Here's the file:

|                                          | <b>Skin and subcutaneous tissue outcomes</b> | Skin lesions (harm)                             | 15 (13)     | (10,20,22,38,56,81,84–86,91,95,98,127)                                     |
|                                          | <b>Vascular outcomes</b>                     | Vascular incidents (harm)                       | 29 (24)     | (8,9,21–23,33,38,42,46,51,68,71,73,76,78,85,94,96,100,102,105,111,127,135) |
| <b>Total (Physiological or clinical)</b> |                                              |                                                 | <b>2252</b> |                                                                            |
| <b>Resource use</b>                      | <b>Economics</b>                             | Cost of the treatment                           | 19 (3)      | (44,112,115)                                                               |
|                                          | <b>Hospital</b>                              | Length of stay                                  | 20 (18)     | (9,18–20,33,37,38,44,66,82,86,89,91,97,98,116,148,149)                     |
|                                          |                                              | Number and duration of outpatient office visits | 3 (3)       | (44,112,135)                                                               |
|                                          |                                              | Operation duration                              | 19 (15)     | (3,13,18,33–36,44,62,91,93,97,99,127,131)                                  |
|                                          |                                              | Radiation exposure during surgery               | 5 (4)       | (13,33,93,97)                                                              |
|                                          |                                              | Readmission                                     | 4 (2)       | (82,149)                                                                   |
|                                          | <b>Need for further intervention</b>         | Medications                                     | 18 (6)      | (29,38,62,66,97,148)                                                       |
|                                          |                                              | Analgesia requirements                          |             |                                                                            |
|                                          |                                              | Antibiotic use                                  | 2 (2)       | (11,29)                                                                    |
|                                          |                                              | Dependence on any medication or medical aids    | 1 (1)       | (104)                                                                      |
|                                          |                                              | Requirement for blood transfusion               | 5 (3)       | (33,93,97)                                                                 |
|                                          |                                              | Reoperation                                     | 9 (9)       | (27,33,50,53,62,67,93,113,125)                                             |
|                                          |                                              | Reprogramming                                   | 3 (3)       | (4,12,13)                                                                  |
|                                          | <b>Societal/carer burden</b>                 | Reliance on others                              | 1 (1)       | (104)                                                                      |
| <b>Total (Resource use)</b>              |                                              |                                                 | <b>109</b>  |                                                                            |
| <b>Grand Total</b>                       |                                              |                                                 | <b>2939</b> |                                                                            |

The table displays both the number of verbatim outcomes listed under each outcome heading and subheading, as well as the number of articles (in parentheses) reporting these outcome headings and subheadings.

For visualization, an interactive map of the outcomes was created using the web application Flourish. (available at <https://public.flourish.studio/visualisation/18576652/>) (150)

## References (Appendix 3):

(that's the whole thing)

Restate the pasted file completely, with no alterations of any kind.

|                                          | <b>Skin and subcutaneous tissue outcomes</b> | Skin lesions (harm)                             | 15 (13)     | (10,20,22,38,56,81,84–86,91,95,98,127)                                     |
|                                          | <b>Vascular outcomes</b>                     | Vascular incidents (harm)                       | 29 (24)     | (8,9,21–23,33,38,42,46,51,68,71,73,76,78,85,94,96,100,102,105,111,127,135) |
| <b>Total (Physiological or clinical)</b> |                                              |                                                 | <b>2252</b> |                                                                            |
| <b>Resource use</b>                      | <b>Economics</b>                             | Cost of the treatment                           | 19 (3)      | (44,112,115)                                                               |
|                                          | <b>Hospital</b>                              | Length of stay                                  | 20 (18)     | (9,18–20,33,37,38,44,66,82,86,89,91,97,98,116,148,149)                     |
|                                          |                                              | Number and duration of outpatient office visits | 3 (3)       | (44,112,135)                                                               |
|                                          |                                              | Operation duration                              | 19 (15)     | (3,13,18,33–36,44,62,91,93,97,99,127,131)                                  |
|                                          |                                              | Radiation exposure during surgery               | 5 (4)       | (13,33,93,97)                                                              |
|                                          |                                              | Readmission                                     | 4 (2)       | (82,149)                                                                   |
|                                          | <b>Need for further intervention</b>         | Medications                                     | 18 (6)      | (29,38,62,66,97,148)                                                       |
|                                          |                                              | Analgesia requirements                          |             |                                                                            |
|                                          |                                              | Antibiotic use                                  | 2 (2)       | (11,29)                                                                    |
|                                          |                                              | Dependence on any medication or medical aids    | 1 (1)       | (104)                                                                      |
|                                          |                                              | Requirement for blood transfusion               | 5 (3)       | (33,93,97)                                                                 |
|                                          |                                              | Reoperation                                     | 9 (9)       | (27,33,50,53,62,67,93,113,125)                                             |
|                                          |                                              | Reprogramming                                   | 3 (3)       | (4,12,13)                                                                  |
|                                          | <b>Societal/carer burden</b>                 | Reliance on others                              | 1 (1)       | (104)                                                                      |
| <b>Total (Resource use)</b>              |                                              |                                                 | <b>109</b>  |                                                                            |
| <b>Grand Total</b>                       |                                              |                                                 | <b>2939</b> |                                                                            |

The table displays both the number of verbatim outcomes listed under each outcome heading and subheading, as well as the number of articles (in parentheses) reporting these outcome headings and subheadings.

For visualization, an interactive map of the outcomes was created using the web application Flourish. (available at <https://public.flourish.studio/visualisation/18576652/>) (150)

## References (Appendix 3):